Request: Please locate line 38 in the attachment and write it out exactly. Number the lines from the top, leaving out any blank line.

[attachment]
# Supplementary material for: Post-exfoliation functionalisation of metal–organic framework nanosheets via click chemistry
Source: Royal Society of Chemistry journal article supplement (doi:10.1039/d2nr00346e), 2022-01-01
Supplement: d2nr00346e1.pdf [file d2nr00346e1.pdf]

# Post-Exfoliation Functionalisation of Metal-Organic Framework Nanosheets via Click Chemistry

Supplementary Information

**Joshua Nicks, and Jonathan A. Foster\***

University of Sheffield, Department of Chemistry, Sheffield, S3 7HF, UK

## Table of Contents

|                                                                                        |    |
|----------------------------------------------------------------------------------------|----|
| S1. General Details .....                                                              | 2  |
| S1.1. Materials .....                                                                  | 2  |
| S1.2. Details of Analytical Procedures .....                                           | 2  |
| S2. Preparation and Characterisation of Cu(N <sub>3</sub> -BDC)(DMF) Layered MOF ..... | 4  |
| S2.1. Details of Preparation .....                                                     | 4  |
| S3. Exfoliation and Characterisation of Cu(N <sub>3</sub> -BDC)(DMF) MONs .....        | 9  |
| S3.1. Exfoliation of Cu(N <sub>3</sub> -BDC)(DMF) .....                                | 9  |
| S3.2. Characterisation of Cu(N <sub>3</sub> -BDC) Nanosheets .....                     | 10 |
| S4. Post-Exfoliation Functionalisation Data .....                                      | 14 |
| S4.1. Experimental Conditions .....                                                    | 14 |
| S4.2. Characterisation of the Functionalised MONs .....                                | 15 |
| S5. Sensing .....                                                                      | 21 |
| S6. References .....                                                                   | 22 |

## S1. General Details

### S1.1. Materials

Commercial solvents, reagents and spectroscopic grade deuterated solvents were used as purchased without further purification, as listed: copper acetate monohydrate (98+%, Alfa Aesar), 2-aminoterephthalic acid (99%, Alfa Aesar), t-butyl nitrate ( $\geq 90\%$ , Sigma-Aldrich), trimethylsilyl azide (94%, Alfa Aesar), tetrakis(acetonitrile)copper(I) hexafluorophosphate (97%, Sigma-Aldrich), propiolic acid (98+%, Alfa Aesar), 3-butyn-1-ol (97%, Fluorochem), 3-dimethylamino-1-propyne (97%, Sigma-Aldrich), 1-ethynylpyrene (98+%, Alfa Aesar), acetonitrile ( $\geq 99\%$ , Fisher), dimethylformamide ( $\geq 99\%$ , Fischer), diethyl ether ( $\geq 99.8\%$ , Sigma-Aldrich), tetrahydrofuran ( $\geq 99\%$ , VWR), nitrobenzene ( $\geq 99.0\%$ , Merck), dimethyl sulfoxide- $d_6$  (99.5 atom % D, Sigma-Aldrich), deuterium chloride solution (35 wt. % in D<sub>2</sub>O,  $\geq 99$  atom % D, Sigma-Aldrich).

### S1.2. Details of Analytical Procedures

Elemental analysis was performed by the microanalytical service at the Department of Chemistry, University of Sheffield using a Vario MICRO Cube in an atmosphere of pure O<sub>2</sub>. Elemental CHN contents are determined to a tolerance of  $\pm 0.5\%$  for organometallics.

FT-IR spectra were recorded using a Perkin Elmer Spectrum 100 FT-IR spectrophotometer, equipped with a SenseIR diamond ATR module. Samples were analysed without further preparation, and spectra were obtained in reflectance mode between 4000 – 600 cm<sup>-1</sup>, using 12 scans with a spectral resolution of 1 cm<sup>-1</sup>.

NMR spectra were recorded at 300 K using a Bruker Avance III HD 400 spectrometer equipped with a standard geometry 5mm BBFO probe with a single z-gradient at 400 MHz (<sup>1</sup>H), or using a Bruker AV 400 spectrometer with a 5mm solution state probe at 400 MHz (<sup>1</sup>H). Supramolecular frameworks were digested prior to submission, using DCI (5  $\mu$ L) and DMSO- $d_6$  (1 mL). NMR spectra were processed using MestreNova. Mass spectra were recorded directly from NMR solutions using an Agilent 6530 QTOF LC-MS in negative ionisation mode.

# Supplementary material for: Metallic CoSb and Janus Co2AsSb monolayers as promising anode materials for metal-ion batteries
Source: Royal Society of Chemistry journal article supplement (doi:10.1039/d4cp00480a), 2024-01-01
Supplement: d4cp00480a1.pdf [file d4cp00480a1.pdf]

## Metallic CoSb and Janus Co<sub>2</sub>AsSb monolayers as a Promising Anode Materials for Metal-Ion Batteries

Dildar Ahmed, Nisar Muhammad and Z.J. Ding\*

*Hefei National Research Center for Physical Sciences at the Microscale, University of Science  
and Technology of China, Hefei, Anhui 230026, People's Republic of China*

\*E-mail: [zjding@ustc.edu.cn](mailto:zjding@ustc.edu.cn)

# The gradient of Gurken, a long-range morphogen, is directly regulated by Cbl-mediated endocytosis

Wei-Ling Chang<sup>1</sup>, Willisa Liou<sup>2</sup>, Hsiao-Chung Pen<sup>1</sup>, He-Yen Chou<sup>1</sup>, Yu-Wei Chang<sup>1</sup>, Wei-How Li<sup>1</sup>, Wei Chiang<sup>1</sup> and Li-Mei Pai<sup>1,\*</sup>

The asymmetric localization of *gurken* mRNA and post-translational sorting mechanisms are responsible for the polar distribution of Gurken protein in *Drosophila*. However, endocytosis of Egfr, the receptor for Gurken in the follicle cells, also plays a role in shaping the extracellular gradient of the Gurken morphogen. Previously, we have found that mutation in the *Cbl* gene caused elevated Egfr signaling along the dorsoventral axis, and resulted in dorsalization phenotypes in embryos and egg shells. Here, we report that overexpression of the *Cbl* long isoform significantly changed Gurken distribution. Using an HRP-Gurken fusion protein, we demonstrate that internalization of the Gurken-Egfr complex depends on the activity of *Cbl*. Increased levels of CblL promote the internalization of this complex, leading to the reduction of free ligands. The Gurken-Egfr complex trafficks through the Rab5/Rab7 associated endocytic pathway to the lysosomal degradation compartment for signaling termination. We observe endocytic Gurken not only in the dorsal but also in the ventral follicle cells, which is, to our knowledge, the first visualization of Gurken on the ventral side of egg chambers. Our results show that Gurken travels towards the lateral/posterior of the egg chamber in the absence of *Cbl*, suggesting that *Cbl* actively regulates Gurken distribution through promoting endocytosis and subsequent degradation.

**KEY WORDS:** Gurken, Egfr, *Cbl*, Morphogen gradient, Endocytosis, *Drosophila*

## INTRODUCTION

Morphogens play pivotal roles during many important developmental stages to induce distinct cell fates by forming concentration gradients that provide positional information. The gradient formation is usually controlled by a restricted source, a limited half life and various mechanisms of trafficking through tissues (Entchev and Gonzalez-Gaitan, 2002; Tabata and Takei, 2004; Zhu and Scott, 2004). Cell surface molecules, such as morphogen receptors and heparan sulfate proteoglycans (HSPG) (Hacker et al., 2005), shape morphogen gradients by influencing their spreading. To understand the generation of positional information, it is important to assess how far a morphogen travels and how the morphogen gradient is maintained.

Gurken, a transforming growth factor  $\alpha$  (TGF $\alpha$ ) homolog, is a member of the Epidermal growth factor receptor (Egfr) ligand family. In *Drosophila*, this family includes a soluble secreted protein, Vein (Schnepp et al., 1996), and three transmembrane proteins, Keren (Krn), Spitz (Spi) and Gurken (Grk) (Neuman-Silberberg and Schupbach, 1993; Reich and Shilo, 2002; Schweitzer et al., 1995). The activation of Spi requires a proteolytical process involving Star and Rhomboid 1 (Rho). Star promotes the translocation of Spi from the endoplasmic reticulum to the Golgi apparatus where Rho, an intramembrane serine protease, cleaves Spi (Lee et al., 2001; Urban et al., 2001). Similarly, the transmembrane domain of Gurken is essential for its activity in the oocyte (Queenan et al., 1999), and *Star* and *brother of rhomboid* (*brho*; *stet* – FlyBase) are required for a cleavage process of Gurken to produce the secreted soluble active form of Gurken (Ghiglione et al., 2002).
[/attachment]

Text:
\*E-mail: [zjding@ustc.edu.cn](mailto:zjding@ustc.edu.cn)